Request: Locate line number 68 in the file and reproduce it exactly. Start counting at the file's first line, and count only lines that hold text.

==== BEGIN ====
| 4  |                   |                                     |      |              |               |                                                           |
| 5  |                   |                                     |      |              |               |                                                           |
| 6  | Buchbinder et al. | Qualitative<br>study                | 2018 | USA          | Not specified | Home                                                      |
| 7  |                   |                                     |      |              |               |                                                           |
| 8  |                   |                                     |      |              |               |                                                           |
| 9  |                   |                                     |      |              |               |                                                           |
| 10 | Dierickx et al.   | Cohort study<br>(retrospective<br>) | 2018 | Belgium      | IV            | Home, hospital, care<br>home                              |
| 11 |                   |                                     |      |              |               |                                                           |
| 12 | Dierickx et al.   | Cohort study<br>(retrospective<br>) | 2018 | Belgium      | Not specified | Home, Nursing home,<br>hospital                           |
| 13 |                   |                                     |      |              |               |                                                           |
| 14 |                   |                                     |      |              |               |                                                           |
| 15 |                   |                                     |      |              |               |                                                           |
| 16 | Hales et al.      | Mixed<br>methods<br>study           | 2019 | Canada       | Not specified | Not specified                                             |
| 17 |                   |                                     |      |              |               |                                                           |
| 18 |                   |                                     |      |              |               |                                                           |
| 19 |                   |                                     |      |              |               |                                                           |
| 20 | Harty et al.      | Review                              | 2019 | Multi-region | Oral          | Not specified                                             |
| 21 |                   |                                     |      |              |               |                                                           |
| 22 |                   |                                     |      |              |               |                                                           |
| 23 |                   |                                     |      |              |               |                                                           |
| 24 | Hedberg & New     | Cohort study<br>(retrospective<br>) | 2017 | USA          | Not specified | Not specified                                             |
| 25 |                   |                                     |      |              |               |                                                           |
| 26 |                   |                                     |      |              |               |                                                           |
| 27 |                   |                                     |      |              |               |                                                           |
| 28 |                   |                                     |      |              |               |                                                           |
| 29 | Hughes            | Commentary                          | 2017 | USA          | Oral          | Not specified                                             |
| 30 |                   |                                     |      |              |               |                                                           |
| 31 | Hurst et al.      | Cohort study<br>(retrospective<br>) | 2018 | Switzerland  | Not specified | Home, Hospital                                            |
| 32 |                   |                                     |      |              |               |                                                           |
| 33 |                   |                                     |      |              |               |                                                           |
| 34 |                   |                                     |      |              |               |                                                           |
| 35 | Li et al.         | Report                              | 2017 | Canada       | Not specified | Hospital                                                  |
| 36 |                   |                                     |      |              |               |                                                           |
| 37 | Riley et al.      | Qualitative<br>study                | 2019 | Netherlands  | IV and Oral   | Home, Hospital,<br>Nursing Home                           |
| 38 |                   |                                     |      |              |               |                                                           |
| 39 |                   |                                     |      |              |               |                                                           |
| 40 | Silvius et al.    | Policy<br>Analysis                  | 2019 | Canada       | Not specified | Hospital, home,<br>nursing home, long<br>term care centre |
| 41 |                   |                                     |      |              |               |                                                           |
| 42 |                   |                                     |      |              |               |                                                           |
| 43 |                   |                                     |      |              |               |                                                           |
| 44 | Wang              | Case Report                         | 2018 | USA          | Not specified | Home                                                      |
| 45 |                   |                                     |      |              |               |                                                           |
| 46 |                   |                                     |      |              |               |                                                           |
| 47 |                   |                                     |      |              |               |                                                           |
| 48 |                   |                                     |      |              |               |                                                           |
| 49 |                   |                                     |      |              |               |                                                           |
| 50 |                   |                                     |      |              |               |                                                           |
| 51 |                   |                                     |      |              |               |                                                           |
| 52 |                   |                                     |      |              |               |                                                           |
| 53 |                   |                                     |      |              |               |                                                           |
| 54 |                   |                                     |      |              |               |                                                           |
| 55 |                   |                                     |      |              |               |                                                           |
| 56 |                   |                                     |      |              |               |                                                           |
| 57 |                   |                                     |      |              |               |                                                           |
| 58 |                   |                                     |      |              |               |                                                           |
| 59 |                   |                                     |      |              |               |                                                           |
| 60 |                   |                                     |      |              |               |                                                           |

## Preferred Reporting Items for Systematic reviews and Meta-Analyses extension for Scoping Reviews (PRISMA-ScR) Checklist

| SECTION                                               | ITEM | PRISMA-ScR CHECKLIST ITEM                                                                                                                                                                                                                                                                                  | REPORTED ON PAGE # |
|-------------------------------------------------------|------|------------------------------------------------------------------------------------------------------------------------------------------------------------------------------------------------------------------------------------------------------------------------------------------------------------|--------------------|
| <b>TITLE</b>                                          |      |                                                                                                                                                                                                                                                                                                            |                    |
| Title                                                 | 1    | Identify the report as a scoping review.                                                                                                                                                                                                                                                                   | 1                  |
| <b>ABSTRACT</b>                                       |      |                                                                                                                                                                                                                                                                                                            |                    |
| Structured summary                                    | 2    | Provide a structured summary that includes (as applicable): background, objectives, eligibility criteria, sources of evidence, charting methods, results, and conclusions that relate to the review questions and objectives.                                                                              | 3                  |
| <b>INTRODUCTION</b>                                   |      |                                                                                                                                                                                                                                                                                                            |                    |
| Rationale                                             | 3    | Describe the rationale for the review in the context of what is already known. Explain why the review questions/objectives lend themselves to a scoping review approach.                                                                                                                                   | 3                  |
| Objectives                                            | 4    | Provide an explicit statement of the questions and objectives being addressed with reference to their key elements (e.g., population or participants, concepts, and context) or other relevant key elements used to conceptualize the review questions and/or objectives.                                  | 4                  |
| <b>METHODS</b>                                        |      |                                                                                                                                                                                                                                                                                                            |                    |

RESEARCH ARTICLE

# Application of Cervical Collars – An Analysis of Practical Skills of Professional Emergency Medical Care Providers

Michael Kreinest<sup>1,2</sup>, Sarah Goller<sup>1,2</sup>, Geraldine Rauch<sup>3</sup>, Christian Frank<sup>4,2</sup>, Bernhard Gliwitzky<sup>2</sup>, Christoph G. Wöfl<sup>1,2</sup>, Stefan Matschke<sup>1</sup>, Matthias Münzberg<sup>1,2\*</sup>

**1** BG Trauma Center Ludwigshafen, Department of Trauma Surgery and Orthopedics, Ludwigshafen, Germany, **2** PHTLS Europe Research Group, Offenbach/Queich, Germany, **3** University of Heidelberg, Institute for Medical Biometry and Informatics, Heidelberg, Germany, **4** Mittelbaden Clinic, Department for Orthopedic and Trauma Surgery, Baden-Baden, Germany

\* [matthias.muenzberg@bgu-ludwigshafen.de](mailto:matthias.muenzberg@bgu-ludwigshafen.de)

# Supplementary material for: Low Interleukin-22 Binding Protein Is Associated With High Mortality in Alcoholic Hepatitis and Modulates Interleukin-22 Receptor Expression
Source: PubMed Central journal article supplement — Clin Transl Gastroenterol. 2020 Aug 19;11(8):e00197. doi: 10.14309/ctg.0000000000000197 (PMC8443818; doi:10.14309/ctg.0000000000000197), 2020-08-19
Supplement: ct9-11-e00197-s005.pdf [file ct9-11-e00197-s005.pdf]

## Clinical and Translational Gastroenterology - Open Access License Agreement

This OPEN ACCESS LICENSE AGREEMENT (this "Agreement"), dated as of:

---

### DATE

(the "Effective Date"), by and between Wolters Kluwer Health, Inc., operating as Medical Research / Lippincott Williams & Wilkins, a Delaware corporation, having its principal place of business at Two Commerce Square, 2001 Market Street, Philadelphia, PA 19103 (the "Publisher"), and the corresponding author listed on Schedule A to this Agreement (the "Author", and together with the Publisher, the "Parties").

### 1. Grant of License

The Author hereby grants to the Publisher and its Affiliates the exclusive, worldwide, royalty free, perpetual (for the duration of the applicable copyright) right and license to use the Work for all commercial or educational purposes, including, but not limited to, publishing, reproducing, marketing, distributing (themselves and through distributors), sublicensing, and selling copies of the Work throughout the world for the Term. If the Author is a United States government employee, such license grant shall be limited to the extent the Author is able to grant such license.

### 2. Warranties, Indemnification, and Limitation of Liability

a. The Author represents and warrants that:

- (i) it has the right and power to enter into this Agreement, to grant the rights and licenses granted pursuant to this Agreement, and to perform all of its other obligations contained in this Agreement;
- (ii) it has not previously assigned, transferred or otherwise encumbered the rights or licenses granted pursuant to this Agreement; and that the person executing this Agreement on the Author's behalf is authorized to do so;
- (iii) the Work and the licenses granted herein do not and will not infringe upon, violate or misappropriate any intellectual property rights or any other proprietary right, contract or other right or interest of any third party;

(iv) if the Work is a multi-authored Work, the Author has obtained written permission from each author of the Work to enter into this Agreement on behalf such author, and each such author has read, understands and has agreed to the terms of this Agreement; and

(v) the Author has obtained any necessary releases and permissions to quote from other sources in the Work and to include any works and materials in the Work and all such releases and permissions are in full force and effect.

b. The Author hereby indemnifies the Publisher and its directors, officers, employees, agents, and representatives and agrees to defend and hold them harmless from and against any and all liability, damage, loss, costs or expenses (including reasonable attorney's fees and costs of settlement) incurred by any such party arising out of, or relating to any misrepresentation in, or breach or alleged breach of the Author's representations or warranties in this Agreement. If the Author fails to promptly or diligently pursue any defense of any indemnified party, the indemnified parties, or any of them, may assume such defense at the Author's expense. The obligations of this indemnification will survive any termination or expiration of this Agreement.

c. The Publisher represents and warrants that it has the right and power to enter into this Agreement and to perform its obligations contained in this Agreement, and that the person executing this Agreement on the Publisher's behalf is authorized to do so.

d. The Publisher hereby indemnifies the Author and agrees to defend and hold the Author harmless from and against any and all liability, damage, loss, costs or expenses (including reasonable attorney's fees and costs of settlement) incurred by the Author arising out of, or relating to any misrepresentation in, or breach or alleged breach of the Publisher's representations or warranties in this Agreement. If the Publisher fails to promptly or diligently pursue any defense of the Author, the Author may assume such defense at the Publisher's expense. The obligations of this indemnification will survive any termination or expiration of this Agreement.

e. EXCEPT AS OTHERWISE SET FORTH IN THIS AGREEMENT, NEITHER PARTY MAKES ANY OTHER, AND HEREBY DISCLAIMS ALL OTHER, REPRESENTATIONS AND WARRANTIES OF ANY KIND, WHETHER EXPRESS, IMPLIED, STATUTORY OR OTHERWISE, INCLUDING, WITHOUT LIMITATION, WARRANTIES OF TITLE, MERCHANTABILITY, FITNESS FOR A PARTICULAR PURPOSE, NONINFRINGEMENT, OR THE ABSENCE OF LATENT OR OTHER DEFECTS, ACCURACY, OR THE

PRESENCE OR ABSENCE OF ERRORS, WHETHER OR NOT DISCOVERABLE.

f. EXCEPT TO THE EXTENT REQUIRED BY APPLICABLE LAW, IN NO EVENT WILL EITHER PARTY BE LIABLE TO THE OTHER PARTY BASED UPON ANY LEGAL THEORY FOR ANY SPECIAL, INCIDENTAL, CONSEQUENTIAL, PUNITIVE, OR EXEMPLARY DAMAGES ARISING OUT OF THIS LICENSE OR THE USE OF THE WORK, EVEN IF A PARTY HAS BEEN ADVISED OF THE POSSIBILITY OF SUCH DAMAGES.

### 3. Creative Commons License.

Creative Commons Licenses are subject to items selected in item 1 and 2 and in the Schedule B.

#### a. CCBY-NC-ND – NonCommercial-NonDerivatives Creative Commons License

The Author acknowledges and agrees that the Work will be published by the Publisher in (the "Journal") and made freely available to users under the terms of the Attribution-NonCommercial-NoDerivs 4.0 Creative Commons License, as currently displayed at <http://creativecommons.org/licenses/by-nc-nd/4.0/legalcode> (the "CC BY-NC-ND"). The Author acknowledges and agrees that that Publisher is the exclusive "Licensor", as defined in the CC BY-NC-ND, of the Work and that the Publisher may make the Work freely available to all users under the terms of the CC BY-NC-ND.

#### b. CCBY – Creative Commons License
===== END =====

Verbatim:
| <b>METHODS</b>                                        |      |                                                                                                                                                                                                                                                                                                            |                    |